Be sure to check for porcupines when you make a late-night bathroom run.
This is one of the first things you learn upon arriving at Scout camp in the Pennsylvania woods.
The adolescent mind has no trouble imagining various exceedingly unpleasant scenarios that could emerge from such a midnight meeting. Ouch.
And unlike most of what I learned at Scout camp, this bit of lore was actually based on truth.
Porcupines really do frequent backwoods outhouses.
Because they eat them.
I’m serious. I know that porcupines are kind of like over-exposed celebrities. They attract rumor and tabloid-style coverage, most of it myth. This is to be expected for something covered in barbed quills.
But this story is true. It’s well documented in the literature, and it’s based on porcupine physiology.
North American porcupines (Erethizon dorsatum) feast on a high-potassium, low-sodium diet of foliage, causing them to excrete high levels of sodium. This creates a sodium-potassium imbalance.
While research has shown that porcupines can physiologically tolerate this imbalance at times of the year when their mobility is limited (like during heavy snowfall), most of the year they have a craving for salt.
They often seek out natural mineral licks for their needs. But the human environment is not low in sodium. We have created a salty feast for the porcupine.
Like outhouses. Urine is high in sodium. Combine this with the notoriously bad aim of boys, and you have porcupine nirvana.
The walls of my old Scout camp outhouse looked like they had been run through a wood chipper, so heavily were they gnawed by quilled rodents.
What else does a porcupine chew?
The salt craving leads the critter to all sorts of strange places. Some items on this list are cited in the literature; others seem more anecdotal. And at least one is just flat-out crazy.
Cars. Roads are de-iced with salt in the winter. This salt coats the car tire and splashes up underneath the auto body. As night falls, the porcupine stealthily chews on car parts, many of those parts out of sight of the owner.
[The porcupines] had nibbled through a brake hose… a problem I discovered on the way to work the next morning, when my foot went to the floor without slowing my pickup at all. I was grateful for a long driveway and a hand brake. The truck—our only vehicle at the time—was out of commission for three days while a replacement hose was located.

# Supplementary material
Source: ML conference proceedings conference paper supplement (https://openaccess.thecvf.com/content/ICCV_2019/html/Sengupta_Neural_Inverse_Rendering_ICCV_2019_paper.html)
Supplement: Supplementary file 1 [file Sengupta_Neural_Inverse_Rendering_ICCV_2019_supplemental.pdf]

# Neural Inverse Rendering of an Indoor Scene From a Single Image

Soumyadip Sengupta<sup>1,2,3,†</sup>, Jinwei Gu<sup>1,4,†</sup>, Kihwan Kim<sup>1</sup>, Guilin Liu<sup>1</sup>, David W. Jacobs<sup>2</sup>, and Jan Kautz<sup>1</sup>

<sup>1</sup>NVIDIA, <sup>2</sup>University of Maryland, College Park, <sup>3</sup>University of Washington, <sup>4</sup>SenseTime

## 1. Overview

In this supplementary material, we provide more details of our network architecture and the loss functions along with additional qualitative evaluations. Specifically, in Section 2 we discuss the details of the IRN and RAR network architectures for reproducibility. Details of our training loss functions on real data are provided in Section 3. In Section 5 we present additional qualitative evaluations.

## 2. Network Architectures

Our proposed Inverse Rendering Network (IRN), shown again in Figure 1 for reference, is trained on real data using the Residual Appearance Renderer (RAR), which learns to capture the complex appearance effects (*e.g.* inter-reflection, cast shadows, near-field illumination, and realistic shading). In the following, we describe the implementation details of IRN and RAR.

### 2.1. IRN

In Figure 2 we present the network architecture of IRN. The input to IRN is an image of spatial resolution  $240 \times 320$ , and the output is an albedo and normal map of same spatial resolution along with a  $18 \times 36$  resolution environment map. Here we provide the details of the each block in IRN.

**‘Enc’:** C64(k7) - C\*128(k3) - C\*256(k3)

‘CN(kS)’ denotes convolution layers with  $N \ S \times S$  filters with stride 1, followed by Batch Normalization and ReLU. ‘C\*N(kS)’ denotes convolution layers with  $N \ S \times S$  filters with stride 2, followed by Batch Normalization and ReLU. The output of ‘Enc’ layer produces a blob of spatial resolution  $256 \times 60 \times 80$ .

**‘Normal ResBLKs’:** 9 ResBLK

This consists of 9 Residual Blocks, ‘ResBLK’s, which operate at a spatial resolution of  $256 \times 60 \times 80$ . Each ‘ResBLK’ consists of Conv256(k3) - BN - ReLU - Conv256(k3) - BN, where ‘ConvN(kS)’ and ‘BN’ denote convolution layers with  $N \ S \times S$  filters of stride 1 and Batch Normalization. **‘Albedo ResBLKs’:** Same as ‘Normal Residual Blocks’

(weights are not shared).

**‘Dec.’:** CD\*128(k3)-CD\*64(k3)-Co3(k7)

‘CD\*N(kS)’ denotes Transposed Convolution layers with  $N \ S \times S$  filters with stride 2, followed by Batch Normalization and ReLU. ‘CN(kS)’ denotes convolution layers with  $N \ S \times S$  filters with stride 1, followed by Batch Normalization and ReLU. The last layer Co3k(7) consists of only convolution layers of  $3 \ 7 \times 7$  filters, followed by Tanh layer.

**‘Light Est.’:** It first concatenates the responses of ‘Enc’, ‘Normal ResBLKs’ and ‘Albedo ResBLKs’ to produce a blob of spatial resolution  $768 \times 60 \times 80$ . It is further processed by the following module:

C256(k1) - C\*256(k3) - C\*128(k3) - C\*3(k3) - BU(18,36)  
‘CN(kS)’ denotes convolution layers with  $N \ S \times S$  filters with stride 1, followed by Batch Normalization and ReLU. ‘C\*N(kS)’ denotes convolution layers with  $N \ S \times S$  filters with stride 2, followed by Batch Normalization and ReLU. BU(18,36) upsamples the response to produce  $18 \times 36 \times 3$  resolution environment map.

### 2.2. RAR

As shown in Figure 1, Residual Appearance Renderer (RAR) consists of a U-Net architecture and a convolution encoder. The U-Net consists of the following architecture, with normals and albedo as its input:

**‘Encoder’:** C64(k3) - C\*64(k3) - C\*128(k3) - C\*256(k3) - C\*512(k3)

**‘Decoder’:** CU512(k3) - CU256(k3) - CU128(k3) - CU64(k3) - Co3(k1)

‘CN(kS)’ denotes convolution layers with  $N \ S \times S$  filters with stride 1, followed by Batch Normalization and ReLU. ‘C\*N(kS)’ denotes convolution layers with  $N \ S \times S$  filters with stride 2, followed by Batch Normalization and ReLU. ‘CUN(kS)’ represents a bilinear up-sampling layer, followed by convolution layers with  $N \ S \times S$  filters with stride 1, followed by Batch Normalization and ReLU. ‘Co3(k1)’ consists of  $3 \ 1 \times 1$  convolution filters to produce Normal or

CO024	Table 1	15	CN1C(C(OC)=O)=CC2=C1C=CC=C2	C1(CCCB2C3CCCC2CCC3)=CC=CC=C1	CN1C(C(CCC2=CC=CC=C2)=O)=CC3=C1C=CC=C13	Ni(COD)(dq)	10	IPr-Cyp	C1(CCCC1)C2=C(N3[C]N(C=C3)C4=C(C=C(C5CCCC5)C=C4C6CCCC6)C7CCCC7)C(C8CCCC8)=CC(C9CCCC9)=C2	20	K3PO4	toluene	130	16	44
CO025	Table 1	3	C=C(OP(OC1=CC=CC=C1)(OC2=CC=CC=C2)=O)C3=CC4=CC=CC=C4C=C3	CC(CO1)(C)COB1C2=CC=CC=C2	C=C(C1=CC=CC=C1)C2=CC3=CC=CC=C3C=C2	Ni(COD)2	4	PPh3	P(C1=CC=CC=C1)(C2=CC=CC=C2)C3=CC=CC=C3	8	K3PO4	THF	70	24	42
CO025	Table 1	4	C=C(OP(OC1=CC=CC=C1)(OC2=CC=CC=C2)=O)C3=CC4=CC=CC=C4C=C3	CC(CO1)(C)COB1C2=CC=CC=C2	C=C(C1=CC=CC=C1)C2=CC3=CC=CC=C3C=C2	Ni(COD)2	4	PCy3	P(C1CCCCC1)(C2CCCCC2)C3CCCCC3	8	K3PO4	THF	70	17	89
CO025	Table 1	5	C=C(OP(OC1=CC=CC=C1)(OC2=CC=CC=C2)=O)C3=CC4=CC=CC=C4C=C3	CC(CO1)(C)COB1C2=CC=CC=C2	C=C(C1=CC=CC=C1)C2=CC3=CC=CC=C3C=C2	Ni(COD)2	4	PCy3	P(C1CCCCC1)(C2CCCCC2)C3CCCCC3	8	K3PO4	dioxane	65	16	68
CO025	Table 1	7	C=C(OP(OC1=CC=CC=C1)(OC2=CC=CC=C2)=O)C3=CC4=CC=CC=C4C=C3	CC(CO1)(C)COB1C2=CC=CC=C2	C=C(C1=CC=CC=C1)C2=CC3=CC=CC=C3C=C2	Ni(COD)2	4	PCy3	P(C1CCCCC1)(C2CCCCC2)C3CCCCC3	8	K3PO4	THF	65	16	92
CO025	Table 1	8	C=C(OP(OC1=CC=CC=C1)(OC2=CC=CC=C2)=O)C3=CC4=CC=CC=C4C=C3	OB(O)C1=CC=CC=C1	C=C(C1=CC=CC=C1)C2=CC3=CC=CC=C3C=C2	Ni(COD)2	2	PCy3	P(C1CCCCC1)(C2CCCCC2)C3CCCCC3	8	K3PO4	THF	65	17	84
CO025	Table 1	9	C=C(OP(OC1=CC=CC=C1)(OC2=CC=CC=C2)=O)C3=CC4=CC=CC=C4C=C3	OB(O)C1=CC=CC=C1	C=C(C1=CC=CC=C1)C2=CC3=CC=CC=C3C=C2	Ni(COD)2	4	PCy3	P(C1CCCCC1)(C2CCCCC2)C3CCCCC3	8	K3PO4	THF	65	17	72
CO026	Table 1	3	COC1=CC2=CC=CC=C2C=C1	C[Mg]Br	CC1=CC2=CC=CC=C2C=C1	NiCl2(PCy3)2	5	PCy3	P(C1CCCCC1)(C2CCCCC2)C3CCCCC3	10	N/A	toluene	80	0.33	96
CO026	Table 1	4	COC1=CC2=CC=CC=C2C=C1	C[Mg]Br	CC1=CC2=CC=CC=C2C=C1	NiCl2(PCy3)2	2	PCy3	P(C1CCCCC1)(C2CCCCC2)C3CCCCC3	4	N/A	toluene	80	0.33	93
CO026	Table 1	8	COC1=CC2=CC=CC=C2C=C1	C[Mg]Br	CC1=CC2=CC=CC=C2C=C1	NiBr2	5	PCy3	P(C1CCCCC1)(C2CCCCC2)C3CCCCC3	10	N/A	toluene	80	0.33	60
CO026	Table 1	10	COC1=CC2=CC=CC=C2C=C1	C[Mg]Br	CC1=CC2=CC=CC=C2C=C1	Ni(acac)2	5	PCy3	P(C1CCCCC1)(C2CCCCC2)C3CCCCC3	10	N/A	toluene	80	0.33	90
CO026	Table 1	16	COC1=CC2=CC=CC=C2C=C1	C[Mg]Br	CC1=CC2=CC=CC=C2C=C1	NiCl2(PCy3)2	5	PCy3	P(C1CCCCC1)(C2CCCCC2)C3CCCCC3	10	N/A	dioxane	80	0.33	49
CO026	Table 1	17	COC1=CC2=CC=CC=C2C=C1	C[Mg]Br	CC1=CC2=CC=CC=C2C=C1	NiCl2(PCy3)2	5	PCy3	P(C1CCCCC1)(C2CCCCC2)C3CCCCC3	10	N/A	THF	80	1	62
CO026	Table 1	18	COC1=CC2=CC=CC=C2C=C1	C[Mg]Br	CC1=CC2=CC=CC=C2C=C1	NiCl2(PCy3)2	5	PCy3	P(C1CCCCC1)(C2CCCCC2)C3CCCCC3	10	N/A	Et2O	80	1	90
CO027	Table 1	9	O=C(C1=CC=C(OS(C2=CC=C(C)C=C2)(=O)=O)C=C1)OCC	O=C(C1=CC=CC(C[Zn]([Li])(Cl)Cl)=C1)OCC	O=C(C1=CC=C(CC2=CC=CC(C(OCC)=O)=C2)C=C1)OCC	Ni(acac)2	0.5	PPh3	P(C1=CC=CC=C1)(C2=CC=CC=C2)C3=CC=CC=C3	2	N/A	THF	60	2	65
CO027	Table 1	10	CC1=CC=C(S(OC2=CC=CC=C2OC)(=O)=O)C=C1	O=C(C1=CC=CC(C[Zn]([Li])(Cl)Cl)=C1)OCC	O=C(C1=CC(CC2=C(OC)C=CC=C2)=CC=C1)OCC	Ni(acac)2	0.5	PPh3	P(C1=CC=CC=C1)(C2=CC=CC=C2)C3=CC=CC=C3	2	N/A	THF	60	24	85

Cerulli writes eloquently of cultivating a mindful relationship with wildlife. This incident tested him. Sorely.
Axe handles and canoe paddles. Human engages in vigorous activity. Sweats on tool. Gets tired. Leaves tool outside. Porcupine eats.
Firearms. The porcupine practices a unique form of gun control. It eats them.
Like the previous example, this one relies on a sweaty outdoors enthusiast leaving a tool outside. This is a particular favorite of pulp outdoor literature.
But like other staples of this genre – charging wolverines and the big one that got away – it seems to happen more in print than in real life.
Saddles. Horses sweat too. Especially horses on long backcountry pack trips. I imagine salty leather is somewhat akin to the porcupine version of beef jerky.
Your face. The Catskill Mountaineer offers this tantalizing sentence: “Hikers have reported porcupines licking their skin while sleeping.” Really? I cannot imagine waking up to a kiss from a quilled rodent. Has this ever actually happened?
But in case you’re thinking about not rinsing off your face after a hard day’s hike on the Appalachian Trail?
Well, you’ve been warned.
Plywood. The resin used to bind plywood is sodium based, making it an ideal porky snack. There is a patent for “porcupine proof” plywood, based on a potassium resin, but it doesn’t seem to have caught on.
Porcupines used to be considered a much bigger problem for home owners. In the 1800s, when pioneers kept large quantities of salt in their cabins, porcupines reportedly chewed through walls at night to get at the stash.
Antlers. Antlers are rich in minerals and shed every spring. It’s a veritable feast. Provided the porcupine beats eager shed hunters.
Bigfoot bones. Faces, and gunstocks, are at least in the realm of possibility. This one belongs to science fiction, and is almost too silly to mention.
But start researching porcupine diets and you’ll soon land in Bigfoot’s lair.
Cryptozoology fans posit that the reason no one ever finds the bones of dead sasquatches is because – you guessed it – porcupines eat them!
Of course they do.
This idea was popularized on the regrettable Animal Planet show Finding Bigfoot. Of course, this is the same bastion of journalistic excellence that claimed sasquatches are attracted by raves.
Porcupines do dine on bones. But anyone who spends much time poking around the woods knows they don’t eat every bone in the forest.
Not that this fact is likely to dissuade the True Bigfoot Believers. It can dissuade the rest of us from regarding cryptozoology as science.
Tree bark. Once, society regarded porcupines as a major nuisance. This was based not just on its love of salt, but also its dietary staple of tree bark.
Anything that girdles trees must harm the timber industry, or so conventional wisdom went at the time.
Many states paid bounties on dead porcupines until the 1920s (and in the case of New Hampshire, until 1979). When actual research was conducted they found that this was untrue. Not “porcupines eat sasquatch” untrue – but in no way a major factor in timber harvests.
The reintroduction of fishers, a major porcupine predator, keeps their populations in check.
Today, porcupines can be at worst a localized problem – although a not insignificant one is your car has no brakes or you’re literally up the creek without a paddle.
Still, they’re fascinating critters. Just keep your valuables out of reach, and watch where you sit in backcountry outhouses.